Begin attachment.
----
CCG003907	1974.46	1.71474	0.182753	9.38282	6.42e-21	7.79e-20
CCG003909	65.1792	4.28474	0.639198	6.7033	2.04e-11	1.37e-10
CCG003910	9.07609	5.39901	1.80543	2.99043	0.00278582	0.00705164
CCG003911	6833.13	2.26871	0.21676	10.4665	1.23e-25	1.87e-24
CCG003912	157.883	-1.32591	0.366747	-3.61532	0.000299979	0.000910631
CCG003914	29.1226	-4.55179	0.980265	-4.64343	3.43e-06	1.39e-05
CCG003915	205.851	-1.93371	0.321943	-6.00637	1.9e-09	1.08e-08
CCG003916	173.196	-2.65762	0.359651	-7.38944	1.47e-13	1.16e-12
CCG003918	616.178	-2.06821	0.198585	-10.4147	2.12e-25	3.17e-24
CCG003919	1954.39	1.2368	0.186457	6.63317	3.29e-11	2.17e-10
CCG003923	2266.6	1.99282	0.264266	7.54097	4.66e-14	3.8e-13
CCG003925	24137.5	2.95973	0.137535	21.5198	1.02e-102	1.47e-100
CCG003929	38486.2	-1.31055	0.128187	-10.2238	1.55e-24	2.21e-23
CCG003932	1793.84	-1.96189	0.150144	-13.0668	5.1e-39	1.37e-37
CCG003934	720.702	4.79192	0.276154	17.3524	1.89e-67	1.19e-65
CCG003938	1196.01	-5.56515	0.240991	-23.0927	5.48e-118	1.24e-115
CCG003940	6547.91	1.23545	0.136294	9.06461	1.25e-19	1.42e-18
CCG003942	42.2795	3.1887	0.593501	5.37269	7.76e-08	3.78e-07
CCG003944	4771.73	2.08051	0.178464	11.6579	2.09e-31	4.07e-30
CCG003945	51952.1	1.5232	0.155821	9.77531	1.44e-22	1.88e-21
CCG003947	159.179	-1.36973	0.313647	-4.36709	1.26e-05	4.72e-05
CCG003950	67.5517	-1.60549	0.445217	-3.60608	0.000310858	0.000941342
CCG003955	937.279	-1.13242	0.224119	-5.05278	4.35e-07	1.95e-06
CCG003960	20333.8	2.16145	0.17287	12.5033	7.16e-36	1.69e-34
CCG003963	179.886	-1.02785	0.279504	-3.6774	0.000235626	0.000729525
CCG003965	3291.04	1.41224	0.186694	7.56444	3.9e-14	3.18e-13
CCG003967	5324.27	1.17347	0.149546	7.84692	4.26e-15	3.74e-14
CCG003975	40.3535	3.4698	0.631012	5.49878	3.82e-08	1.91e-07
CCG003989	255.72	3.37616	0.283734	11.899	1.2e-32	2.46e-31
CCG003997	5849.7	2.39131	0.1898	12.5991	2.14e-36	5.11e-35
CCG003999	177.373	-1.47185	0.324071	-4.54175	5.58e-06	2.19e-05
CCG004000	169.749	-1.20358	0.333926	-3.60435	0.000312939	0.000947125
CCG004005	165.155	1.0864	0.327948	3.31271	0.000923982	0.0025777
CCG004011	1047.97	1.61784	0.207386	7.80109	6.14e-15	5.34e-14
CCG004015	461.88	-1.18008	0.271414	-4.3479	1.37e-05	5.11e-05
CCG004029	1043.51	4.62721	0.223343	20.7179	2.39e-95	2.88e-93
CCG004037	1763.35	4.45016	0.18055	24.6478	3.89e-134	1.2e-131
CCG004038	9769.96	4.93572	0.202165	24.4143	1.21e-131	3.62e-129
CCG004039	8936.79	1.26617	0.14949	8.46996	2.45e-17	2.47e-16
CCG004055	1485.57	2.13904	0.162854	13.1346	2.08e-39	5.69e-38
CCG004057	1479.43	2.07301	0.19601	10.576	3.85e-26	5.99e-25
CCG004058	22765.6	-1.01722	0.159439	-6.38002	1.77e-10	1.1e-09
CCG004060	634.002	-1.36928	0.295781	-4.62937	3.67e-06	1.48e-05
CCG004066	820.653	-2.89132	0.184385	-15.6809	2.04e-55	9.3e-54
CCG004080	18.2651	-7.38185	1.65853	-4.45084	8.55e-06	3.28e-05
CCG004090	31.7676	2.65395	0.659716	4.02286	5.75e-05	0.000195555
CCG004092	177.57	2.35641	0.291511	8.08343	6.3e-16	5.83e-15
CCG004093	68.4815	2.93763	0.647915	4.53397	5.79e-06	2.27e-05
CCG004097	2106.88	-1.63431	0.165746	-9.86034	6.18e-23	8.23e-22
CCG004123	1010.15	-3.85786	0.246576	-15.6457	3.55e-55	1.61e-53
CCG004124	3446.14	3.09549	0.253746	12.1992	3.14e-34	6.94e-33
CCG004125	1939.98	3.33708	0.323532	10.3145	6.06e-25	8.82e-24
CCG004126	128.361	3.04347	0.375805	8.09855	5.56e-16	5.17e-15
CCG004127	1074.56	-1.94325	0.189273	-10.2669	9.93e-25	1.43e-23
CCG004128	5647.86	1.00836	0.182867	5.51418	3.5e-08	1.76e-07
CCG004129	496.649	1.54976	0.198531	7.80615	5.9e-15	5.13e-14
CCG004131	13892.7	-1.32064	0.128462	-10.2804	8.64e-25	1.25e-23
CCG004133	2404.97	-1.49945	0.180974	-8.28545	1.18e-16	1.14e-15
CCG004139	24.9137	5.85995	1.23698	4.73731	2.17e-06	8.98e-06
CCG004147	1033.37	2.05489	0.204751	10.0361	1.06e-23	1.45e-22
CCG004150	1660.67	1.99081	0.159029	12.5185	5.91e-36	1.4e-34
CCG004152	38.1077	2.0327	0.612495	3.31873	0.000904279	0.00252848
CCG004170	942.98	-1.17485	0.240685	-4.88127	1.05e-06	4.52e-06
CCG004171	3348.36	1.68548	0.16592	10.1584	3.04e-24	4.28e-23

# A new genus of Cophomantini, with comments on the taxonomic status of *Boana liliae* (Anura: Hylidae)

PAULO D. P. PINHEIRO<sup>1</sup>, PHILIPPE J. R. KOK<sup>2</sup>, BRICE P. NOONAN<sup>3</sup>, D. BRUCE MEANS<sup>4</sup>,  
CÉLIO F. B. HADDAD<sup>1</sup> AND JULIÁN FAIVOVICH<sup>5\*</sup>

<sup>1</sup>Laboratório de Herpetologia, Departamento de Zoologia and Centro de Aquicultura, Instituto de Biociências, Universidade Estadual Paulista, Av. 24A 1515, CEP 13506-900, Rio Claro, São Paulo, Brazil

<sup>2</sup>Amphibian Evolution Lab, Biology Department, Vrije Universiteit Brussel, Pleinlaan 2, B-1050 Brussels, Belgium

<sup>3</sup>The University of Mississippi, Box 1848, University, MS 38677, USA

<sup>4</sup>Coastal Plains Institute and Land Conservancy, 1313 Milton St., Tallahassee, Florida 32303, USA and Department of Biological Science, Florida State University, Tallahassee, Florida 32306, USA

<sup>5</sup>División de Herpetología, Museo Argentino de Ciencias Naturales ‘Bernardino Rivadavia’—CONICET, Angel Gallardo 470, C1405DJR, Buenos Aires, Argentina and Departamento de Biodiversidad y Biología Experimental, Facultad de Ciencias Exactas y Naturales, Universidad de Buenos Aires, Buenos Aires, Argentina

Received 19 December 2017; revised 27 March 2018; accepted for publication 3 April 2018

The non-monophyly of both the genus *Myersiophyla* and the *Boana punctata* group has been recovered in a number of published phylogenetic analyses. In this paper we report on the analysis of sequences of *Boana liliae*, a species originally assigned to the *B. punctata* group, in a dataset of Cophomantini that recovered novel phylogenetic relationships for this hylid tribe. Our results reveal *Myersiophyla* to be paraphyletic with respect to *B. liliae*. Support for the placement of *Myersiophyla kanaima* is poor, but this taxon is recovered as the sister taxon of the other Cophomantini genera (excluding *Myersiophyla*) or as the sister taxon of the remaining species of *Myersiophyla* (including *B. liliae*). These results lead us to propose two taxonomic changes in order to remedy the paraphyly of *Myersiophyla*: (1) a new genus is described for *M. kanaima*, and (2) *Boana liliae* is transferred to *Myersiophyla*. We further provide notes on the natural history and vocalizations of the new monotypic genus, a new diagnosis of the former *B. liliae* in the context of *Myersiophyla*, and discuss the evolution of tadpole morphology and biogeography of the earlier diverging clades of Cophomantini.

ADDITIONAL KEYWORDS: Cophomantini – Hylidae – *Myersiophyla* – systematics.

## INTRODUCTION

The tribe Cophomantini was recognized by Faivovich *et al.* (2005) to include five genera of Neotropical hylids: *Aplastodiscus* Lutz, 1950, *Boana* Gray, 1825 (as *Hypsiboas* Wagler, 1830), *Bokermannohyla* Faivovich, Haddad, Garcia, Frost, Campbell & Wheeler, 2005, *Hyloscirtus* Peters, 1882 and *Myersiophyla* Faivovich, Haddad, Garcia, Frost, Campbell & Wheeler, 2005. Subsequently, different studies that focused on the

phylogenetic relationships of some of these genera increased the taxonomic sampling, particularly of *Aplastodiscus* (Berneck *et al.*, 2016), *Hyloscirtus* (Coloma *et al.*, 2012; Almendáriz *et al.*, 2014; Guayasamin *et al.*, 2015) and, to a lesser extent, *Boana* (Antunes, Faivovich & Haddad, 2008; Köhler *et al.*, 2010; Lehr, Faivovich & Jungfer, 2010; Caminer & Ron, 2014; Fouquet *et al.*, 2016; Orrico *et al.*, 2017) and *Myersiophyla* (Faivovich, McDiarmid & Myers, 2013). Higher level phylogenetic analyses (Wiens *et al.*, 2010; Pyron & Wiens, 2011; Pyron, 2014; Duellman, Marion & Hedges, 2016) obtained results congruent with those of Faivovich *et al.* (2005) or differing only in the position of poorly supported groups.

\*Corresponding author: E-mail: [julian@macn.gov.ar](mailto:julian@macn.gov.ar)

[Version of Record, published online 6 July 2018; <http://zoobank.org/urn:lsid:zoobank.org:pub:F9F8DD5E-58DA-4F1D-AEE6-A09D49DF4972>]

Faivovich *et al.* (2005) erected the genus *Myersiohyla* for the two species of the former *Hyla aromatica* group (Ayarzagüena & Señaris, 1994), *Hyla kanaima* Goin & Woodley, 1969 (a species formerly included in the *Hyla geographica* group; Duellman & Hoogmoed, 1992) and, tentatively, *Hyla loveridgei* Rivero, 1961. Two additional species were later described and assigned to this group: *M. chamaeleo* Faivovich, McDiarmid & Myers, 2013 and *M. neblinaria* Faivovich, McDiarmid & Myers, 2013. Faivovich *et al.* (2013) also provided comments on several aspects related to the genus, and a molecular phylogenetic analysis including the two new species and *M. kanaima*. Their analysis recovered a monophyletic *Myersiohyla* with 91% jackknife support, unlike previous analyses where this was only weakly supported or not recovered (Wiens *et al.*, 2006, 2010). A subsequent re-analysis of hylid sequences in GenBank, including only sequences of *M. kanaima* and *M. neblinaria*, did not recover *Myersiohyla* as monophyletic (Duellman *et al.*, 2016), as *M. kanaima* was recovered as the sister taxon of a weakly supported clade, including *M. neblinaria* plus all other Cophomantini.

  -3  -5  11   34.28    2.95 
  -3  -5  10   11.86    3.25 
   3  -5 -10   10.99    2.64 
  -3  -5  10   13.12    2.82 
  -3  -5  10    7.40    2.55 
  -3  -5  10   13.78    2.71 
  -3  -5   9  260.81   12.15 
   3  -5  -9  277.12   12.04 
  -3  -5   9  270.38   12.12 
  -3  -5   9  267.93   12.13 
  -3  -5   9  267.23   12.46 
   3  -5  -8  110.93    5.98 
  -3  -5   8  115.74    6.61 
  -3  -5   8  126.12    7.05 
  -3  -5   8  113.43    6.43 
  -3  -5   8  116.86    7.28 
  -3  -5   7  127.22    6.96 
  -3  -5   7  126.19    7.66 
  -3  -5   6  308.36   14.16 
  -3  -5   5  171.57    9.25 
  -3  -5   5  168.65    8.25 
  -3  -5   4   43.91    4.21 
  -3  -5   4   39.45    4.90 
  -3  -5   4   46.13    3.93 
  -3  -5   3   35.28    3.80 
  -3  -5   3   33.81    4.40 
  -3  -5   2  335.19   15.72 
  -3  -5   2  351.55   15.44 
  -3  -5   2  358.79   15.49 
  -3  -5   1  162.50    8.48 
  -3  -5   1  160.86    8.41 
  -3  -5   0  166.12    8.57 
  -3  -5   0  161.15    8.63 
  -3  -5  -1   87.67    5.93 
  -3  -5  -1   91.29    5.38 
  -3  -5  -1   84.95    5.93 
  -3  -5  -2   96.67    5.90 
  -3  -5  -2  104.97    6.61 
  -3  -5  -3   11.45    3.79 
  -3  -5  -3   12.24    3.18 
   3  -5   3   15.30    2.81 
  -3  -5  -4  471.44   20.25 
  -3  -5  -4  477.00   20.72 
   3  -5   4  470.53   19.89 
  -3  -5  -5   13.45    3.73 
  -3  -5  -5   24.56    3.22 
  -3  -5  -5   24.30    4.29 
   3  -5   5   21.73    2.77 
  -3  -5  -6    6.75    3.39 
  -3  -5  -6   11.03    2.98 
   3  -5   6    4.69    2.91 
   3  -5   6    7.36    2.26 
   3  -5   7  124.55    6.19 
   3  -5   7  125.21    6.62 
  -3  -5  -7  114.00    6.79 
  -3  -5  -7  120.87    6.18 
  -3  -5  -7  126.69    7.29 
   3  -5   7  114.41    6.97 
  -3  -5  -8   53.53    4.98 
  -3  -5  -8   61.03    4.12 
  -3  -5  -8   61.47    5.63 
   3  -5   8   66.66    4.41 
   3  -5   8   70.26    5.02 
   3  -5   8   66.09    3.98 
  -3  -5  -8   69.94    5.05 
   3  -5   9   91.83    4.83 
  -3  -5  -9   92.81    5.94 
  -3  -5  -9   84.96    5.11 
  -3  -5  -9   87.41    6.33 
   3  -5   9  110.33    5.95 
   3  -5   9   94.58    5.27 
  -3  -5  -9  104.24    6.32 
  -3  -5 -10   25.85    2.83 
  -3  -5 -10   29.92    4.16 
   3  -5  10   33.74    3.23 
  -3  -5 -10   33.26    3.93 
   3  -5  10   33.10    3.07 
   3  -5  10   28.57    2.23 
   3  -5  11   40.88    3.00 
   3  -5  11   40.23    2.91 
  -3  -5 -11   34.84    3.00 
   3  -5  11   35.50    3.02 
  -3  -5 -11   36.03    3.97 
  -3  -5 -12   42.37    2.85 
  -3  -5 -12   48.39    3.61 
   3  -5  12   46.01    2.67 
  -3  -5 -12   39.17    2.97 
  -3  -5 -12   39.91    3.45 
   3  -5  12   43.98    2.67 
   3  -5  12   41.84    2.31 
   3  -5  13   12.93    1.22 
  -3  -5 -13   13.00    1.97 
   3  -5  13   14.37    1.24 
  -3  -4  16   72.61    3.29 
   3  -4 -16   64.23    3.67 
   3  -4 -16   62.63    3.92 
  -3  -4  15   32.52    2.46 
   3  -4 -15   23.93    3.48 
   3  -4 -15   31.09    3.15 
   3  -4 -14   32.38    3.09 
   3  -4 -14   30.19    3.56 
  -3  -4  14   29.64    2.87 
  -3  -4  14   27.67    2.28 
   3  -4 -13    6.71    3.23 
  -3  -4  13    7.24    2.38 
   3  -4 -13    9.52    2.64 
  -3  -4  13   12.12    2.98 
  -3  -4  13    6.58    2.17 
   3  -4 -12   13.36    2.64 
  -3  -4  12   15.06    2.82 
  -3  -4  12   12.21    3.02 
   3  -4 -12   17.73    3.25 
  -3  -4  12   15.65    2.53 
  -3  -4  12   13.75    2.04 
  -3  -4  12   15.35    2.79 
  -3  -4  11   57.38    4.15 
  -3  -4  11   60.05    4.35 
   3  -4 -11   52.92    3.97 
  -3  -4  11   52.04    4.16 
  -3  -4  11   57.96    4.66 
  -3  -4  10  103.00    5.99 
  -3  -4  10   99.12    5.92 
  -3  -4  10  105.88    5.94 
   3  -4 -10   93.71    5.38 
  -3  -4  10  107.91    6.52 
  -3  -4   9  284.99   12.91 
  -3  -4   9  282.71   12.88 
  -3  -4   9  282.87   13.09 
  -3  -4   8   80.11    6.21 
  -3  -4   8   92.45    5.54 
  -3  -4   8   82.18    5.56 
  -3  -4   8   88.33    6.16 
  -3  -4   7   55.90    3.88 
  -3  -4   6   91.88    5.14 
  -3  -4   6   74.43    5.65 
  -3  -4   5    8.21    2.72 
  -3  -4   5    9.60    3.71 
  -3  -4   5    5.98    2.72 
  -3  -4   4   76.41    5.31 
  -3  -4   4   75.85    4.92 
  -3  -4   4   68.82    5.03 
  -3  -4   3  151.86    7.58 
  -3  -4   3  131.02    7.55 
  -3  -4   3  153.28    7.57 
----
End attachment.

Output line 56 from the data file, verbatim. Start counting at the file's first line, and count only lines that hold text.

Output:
CCG004129	496.649	1.54976	0.198531	7.80615	5.9e-15	5.13e-14